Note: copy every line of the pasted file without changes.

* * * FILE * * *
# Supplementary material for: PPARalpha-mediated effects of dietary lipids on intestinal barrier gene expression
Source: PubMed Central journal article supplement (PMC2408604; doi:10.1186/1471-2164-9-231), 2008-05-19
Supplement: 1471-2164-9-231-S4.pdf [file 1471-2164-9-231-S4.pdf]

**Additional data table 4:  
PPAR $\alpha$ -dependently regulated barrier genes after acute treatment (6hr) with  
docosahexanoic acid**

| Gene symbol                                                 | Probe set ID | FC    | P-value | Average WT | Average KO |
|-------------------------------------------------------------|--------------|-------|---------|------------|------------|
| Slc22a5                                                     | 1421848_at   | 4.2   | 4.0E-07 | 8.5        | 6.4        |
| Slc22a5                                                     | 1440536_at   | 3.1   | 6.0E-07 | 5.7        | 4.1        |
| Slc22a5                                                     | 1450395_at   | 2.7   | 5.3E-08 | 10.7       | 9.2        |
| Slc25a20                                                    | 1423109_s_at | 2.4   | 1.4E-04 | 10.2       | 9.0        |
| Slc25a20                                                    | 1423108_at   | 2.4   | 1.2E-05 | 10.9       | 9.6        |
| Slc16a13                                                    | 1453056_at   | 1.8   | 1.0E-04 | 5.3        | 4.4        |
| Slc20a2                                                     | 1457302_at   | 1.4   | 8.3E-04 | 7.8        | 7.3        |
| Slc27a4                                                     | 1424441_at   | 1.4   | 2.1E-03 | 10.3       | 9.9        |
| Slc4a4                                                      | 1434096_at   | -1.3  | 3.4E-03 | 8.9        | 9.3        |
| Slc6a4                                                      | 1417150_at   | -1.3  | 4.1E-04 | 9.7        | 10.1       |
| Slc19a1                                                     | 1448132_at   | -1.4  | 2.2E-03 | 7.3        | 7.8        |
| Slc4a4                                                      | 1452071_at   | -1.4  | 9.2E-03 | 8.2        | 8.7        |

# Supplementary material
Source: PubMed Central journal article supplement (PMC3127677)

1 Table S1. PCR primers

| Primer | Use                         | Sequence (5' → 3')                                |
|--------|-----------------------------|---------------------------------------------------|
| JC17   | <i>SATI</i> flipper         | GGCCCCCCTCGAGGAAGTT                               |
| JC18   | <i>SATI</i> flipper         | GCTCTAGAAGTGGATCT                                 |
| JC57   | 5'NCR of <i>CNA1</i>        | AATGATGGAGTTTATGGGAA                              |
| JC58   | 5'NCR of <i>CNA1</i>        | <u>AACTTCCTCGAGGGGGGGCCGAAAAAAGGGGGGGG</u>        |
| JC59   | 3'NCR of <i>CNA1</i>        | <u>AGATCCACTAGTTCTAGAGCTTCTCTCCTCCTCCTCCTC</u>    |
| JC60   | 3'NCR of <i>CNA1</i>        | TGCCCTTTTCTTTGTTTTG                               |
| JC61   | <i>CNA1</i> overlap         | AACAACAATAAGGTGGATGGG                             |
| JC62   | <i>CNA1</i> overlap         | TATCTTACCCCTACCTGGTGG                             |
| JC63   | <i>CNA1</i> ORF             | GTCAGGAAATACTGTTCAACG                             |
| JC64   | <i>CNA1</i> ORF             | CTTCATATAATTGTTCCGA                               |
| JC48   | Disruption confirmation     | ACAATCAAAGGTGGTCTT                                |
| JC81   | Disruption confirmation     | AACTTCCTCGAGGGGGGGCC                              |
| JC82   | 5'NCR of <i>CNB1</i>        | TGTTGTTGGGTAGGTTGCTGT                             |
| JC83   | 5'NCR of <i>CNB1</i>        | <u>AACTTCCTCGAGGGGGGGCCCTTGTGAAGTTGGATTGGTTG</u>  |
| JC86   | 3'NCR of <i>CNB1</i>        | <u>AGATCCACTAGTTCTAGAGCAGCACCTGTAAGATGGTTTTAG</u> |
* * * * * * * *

# Supplementary material for: PPARalpha-mediated effects of dietary lipids on intestinal barrier gene expression
Source: PubMed Central journal article supplement (PMC2408604; doi:10.1186/1471-2164-9-231), 2008-05-19
Supplement: 1471-2164-9-231-S4.pdf [file 1471-2164-9-231-S4.pdf]

**Additional data table 4:  
PPAR $\alpha$ -dependently regulated barrier genes after acute treatment (6hr) with  
docosahexanoic acid**

| Gene symbol                                                 | Probe set ID | FC    | P-value | Average WT | Average KO |
|-------------------------------------------------------------|--------------|-------|---------|------------|------------|
| Slc22a5                                                     | 1421848_at   | 4.2   | 4.0E-07 | 8.5        | 6.4        |
| Slc22a5                                                     | 1440536_at   | 3.1   | 6.0E-07 | 5.7        | 4.1        |
| Slc22a5                                                     | 1450395_at   | 2.7   | 5.3E-08 | 10.7       | 9.2        |
| Slc25a20                                                    | 1423109_s_at | 2.4   | 1.4E-04 | 10.2       | 9.0        |
| Slc25a20                                                    | 1423108_at   | 2.4   | 1.2E-05 | 10.9       | 9.6        |
| Slc16a13                                                    | 1453056_at   | 1.8   | 1.0E-04 | 5.3        | 4.4        |
| Slc20a2                                                     | 1457302_at   | 1.4   | 8.3E-04 | 7.8        | 7.3        |
| Slc27a4                                                     | 1424441_at   | 1.4   | 2.1E-03 | 10.3       | 9.9        |
| Slc4a4                                                      | 1434096_at   | -1.3  | 3.4E-03 | 8.9        | 9.3        |
| Slc6a4                                                      | 1417150_at   | -1.3  | 4.1E-04 | 9.7        | 10.1       |
| Slc19a1                                                     | 1448132_at   | -1.4  | 2.2E-03 | 7.3        | 7.8        |
| Slc4a4                                                      | 1452071_at   | -1.4  | 9.2E-03 | 8.2        | 8.7        |

# Supplementary material
Source: PubMed Central journal article supplement (PMC3127677)

1 Table S1. PCR primers

| Primer | Use                         | Sequence (5' → 3')                                |
|--------|-----------------------------|---------------------------------------------------|
| JC17   | <i>SATI</i> flipper         | GGCCCCCCTCGAGGAAGTT                               |
| JC18   | <i>SATI</i> flipper         | GCTCTAGAAGTGGATCT                                 |
| JC57   | 5'NCR of <i>CNA1</i>        | AATGATGGAGTTTATGGGAA                              |
| JC58   | 5'NCR of <i>CNA1</i>        | <u>AACTTCCTCGAGGGGGGGCCGAAAAAAGGGGGGGG</u>        |
| JC59   | 3'NCR of <i>CNA1</i>        | <u>AGATCCACTAGTTCTAGAGCTTCTCTCCTCCTCCTCCTC</u>    |
| JC60   | 3'NCR of <i>CNA1</i>        | TGCCCTTTTCTTTGTTTTG                               |
| JC61   | <i>CNA1</i> overlap         | AACAACAATAAGGTGGATGGG                             |
| JC62   | <i>CNA1</i> overlap         | TATCTTACCCCTACCTGGTGG                             |
| JC63   | <i>CNA1</i> ORF             | GTCAGGAAATACTGTTCAACG                             |
| JC64   | <i>CNA1</i> ORF             | CTTCATATAATTGTTCCGA                               |
| JC48   | Disruption confirmation     | ACAATCAAAGGTGGTCTT                                |
| JC81   | Disruption confirmation     | AACTTCCTCGAGGGGGGGCC                              |
| JC82   | 5'NCR of <i>CNB1</i>        | TGTTGTTGGGTAGGTTGCTGT                             |
| JC83   | 5'NCR of <i>CNB1</i>        | <u>AACTTCCTCGAGGGGGGGCCCTTGTGAAGTTGGATTGGTTG</u>  |
| JC86   | 3'NCR of <i>CNB1</i>        | <u>AGATCCACTAGTTCTAGAGCAGCACCTGTAAGATGGTTTTAG</u> |